I can’t wait to get my hands on a copy of Anthony Mazzocchi’s book The Music Parents’ Guide: A Survival Kit for the New Music Parent.
It’s available on Kindle on May 1, but I want to own a paper copy because this is a book I’ll want to highlight, dog-ear, and loan out to friends.
“Each year, hundreds of thousands of students start a musical instrument though their school music programs. One or two years later, up to 80% of them quit.
This occurs because parents are not armed with the minimal knowledge required to support their child’s musical growth at home.
Self-disciplined, compassionate, responsible, collaborative, confidant, and proud. These are all characteristics of children who play musical instruments.
What’s more, the benefits of music education reach far beyond the lesson and well into all aspects of adulthood.” -Mazzocchi
You can preorder now on Amazon.
I first became aware of Mazzocchi’s writings through his wonderful blog. The blog offers practical advice informed by his career as a professional musician and teacher. He is also the father of a reluctant young pianist. I can relate to that!
I was inspired to write about my own experiences as a teacher and parent when I read about the high numbers of kids who start musical instruments at school only to give up soon thereafter. Conversations with parents of flute players in my private studio confirmed that adults need support in helping their children practice. Some parents think that if a child isn’t enthusiastic about practicing or won’t initiate practicing on their own, that it means the child has no future as a musician.
Mazzocchi addresses this directly in a recent blog post. He writes
“It’s important to know that just because you need to remind your child to practice does not mean that they don’t want to practice or that they don’t want to play their instrument. Just as you don’t give your children the option of not doing homework, brushing their teeth, or eating, practice should not be optional. Even if that means you remind your child to do it every day.”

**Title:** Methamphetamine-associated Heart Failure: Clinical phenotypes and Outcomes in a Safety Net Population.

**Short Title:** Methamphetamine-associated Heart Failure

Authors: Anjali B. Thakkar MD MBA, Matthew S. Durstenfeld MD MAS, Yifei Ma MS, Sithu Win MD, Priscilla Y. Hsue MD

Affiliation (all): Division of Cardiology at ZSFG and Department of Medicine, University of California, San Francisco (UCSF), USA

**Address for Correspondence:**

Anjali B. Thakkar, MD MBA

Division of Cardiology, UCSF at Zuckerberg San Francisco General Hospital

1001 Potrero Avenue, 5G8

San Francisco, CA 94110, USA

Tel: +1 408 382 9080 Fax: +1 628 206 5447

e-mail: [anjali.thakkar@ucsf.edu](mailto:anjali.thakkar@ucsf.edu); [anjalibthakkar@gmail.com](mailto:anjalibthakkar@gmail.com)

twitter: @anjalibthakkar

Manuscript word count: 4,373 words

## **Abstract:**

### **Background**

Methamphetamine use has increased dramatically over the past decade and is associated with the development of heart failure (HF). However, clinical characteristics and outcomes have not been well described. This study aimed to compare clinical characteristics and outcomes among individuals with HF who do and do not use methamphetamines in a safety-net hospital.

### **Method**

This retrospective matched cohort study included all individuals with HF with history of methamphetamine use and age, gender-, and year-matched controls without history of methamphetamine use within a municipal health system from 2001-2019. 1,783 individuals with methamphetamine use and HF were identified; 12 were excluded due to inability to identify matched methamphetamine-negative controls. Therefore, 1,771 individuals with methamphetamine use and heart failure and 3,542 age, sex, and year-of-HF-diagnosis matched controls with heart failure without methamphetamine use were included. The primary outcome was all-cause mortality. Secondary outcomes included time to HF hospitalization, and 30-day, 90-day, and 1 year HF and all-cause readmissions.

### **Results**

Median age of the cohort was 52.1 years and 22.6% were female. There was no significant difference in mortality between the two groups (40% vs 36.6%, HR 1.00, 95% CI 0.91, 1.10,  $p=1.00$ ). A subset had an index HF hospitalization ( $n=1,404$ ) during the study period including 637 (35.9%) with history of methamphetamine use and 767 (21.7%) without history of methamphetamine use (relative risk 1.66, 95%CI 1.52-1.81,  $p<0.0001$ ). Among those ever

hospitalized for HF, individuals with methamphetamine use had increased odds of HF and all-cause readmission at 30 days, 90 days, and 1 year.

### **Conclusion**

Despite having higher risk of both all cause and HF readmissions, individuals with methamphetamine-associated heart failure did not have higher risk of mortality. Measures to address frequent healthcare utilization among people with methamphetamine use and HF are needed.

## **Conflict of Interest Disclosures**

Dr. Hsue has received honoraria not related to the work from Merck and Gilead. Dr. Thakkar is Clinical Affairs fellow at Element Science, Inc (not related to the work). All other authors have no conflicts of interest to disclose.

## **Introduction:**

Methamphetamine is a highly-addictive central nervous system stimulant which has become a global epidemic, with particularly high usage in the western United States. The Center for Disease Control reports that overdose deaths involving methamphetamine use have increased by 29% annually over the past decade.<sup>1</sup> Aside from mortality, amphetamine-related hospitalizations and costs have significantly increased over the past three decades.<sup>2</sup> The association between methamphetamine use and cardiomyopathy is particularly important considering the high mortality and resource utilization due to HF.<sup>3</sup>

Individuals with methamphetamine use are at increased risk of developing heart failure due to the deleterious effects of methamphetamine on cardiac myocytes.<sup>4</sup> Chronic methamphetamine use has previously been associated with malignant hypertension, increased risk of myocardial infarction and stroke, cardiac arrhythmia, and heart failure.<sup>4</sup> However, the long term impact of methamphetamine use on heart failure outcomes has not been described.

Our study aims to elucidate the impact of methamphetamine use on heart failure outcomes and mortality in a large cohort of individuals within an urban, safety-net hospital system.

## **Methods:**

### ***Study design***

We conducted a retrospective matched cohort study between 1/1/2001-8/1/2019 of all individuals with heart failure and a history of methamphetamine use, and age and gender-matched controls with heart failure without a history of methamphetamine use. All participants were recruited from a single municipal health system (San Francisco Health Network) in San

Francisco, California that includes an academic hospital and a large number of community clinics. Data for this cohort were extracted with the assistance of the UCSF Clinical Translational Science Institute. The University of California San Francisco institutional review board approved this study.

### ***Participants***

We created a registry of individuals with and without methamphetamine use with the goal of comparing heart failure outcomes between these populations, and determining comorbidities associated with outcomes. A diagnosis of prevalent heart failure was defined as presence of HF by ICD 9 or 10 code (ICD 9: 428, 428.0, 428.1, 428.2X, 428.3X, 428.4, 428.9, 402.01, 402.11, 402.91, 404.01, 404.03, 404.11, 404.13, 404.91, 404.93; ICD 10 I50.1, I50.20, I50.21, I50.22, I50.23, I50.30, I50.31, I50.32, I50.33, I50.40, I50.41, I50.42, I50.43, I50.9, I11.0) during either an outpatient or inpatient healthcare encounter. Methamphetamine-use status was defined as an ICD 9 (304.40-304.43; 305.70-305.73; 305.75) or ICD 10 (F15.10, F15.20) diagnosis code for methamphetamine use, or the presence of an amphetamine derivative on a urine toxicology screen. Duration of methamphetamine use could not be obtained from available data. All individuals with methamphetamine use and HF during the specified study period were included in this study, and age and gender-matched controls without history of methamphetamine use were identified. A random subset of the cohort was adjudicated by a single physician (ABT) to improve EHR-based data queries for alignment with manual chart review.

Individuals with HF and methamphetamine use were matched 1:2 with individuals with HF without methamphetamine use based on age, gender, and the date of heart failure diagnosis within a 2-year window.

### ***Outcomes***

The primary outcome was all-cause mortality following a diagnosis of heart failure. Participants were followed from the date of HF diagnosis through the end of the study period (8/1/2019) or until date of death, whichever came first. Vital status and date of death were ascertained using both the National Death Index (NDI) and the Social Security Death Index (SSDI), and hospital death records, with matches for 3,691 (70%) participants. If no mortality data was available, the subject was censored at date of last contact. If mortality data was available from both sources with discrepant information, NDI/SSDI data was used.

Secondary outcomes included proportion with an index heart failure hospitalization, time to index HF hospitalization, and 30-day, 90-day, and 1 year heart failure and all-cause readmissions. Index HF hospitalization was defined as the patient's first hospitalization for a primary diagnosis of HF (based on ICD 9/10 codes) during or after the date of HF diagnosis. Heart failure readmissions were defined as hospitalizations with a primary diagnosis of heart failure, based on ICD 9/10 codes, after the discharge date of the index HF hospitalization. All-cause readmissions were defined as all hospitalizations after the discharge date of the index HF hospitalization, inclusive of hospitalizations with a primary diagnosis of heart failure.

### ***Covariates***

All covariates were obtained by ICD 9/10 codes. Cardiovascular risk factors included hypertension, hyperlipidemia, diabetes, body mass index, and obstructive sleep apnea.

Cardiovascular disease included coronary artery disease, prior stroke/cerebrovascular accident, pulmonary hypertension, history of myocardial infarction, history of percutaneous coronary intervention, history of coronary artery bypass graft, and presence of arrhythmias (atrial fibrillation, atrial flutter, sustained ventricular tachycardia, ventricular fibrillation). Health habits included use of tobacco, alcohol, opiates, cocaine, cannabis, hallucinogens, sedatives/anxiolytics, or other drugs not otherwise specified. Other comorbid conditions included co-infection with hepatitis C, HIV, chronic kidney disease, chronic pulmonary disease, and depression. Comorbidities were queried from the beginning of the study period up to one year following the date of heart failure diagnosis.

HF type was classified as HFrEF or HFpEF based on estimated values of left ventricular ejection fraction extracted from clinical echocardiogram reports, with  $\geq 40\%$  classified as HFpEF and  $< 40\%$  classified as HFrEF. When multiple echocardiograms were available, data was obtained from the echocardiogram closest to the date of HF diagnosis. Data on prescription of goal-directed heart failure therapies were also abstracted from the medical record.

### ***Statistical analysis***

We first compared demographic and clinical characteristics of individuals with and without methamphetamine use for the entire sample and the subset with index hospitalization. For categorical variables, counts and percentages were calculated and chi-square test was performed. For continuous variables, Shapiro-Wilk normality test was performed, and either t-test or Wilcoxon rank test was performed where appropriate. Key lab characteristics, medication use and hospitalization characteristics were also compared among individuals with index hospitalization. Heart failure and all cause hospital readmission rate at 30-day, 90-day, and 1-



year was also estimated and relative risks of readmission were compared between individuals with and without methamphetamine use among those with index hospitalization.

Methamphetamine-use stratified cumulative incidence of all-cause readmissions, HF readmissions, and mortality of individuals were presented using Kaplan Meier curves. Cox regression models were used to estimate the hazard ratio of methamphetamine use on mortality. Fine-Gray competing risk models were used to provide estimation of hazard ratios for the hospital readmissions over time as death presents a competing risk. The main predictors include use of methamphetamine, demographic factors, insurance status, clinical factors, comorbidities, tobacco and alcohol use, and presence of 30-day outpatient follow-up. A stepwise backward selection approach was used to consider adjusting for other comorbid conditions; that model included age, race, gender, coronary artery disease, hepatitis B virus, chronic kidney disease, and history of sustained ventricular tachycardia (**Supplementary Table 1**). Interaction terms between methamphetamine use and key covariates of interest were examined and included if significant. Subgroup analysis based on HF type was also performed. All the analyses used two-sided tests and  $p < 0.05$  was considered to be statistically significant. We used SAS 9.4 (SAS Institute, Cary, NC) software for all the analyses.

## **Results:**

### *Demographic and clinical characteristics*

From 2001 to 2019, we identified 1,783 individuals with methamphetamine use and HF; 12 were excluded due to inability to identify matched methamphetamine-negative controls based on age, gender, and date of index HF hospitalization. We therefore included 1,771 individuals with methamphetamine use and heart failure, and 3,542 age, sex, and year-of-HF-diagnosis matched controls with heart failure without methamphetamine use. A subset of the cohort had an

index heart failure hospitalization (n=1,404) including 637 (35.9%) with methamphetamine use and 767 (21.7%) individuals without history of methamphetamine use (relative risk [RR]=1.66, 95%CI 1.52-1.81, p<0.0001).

My husband and I are both professional musicians and we have to remind our two children to practice every day. I don’t count it as a failure. I have to remind my daughter to clean her room too, but I wouldn’t consider giving up and letting her become a slob.
I believe this book will be an invaluable resource for all parents of musical children. Band teachers, for understandable reasons, don’t give a lot of advice about what to do with the instrument at home. Private teachers offer a bit more support, but I’ll admit we’re not as specific as we should be about all the issues that need to be addressed in the practice room.
Parents of young musicians (and I include myself in this category) need help in two important ways:
- We need answers to questions such as “Is 10 minutes a day enough?” “Do I need to be in the practice room with my child?” “How do I know if she is playing something wrong and how can I help her fix the problem?”
- We need emotional support to keep up the hard work of motivating children to play music, especially when our children are resistant. We need to be assured that the effort and money is worth it. Maybe this issue is causing friction with your spouse. After reading this book, you’ll be more confident about the choices you’re making.
Put The Music Parents’ Guide on your summer reading list, and we’ll meet back here to discuss.